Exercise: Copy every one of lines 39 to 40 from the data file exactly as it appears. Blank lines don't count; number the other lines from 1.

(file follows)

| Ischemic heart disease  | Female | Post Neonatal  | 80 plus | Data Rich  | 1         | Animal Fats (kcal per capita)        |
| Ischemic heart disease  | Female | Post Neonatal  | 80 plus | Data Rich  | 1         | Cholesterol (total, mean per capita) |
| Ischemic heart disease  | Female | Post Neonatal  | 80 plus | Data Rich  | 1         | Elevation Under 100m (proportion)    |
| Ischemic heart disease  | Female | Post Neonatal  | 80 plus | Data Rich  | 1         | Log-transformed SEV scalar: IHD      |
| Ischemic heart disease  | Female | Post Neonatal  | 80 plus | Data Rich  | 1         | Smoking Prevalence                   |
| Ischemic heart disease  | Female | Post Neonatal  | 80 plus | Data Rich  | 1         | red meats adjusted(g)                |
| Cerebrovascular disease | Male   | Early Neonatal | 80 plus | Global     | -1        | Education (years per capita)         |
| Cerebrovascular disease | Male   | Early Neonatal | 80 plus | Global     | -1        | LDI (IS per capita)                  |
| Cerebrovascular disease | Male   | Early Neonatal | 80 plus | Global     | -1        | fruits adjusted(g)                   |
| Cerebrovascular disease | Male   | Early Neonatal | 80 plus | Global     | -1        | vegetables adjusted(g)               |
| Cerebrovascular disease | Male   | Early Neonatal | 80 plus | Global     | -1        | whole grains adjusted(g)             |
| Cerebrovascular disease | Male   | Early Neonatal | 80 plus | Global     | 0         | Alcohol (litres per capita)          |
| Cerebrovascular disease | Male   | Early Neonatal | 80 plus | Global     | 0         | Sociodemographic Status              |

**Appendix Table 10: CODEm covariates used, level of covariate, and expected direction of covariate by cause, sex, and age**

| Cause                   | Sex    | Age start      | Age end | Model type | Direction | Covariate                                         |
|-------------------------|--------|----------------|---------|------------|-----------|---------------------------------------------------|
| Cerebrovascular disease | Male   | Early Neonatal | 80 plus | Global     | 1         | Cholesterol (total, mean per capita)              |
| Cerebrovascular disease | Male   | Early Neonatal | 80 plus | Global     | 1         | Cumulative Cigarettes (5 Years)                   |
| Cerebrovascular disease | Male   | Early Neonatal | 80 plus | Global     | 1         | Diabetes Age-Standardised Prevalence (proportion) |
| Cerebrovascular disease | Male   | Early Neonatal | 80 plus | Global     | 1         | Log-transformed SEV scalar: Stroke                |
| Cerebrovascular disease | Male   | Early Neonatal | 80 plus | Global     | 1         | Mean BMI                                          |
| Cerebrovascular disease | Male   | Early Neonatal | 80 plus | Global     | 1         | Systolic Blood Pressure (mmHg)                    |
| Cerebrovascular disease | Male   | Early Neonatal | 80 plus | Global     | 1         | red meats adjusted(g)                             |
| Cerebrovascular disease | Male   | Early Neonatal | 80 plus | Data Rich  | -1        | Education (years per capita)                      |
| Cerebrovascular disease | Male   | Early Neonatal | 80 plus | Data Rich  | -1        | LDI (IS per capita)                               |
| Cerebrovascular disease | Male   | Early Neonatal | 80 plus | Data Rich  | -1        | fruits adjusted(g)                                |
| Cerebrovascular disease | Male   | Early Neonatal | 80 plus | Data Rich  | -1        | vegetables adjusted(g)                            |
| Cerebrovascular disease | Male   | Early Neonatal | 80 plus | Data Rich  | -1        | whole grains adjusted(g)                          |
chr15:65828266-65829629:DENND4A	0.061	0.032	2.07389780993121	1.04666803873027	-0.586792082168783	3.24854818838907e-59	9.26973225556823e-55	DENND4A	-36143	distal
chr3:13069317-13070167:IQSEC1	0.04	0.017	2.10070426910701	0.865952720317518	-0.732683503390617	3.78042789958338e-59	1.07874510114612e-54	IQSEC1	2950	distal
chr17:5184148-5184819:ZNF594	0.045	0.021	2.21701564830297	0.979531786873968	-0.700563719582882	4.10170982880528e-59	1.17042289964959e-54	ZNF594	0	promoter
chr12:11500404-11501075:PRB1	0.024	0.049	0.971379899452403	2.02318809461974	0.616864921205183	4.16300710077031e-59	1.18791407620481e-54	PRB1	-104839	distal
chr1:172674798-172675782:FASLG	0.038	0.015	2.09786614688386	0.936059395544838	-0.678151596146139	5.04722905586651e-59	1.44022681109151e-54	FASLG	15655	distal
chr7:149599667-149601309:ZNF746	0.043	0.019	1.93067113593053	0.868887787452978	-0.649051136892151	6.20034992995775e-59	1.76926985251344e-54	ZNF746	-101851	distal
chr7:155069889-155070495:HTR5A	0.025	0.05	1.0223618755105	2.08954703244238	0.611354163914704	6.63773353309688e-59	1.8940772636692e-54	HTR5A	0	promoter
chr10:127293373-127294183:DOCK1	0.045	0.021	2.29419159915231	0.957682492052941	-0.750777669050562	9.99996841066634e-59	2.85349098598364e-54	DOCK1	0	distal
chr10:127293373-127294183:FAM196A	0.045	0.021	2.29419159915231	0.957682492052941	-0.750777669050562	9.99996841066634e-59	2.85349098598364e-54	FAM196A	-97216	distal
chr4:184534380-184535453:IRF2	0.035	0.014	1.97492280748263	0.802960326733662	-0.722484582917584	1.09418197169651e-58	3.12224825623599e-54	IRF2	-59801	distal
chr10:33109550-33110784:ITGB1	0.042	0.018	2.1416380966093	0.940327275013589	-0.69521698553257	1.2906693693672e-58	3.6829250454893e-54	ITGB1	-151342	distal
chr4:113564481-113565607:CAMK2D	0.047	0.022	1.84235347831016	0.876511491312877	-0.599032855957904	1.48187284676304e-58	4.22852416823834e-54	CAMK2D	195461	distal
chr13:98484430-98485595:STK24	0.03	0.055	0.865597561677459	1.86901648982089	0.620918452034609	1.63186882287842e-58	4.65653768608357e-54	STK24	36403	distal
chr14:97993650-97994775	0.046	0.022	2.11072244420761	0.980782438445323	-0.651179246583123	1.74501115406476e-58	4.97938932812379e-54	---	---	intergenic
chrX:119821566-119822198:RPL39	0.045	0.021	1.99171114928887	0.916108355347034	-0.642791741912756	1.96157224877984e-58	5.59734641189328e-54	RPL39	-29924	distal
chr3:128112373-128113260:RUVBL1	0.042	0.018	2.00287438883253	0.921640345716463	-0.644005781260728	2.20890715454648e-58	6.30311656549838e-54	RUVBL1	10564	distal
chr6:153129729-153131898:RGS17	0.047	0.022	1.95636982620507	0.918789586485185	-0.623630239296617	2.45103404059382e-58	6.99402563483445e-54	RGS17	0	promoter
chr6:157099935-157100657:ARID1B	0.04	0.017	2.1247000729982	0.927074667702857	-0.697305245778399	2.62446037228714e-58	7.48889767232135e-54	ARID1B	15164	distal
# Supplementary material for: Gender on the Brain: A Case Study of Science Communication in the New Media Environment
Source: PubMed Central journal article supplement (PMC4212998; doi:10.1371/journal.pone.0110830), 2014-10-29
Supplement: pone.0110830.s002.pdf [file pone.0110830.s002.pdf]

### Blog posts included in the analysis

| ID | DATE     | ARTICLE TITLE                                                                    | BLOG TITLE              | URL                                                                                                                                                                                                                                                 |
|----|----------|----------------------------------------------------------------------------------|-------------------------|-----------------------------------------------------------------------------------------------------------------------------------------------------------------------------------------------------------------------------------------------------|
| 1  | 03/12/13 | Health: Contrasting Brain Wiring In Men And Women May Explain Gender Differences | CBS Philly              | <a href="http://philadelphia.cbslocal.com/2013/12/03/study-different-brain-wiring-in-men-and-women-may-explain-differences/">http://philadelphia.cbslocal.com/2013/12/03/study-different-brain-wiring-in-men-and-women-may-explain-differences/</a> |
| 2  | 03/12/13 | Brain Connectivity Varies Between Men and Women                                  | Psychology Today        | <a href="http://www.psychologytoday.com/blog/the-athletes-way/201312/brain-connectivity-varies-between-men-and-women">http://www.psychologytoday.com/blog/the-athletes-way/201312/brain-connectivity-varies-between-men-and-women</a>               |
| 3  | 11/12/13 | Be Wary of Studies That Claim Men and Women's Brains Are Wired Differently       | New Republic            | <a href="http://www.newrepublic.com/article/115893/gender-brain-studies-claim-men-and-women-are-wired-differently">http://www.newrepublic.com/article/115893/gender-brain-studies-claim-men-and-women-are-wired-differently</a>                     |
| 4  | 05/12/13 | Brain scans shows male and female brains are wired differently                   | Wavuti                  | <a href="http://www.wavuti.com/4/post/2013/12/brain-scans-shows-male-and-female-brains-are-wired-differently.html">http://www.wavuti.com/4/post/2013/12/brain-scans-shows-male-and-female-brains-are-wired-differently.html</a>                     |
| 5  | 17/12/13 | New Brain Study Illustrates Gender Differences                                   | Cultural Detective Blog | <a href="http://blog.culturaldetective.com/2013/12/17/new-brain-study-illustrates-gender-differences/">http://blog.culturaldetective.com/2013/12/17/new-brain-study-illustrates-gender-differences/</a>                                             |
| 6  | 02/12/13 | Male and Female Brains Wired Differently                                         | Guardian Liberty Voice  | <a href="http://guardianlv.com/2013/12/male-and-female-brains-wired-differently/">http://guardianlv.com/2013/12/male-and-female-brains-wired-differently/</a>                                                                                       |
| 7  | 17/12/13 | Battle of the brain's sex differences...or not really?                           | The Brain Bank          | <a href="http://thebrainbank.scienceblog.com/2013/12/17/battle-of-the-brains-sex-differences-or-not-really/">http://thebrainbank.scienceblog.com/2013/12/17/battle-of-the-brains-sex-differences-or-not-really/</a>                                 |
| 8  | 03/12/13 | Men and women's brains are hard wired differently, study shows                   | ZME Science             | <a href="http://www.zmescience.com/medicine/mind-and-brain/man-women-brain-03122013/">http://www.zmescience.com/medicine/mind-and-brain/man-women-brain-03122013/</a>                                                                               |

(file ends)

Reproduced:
chr10:33109550-33110784:ITGB1	0.042	0.018	2.1416380966093	0.940327275013589	-0.69521698553257	1.2906693693672e-58	3.6829250454893e-54	ITGB1	-151342	distal
chr4:113564481-113565607:CAMK2D	0.047	0.022	1.84235347831016	0.876511491312877	-0.599032855957904	1.48187284676304e-58	4.22852416823834e-54	CAMK2D	195461	distal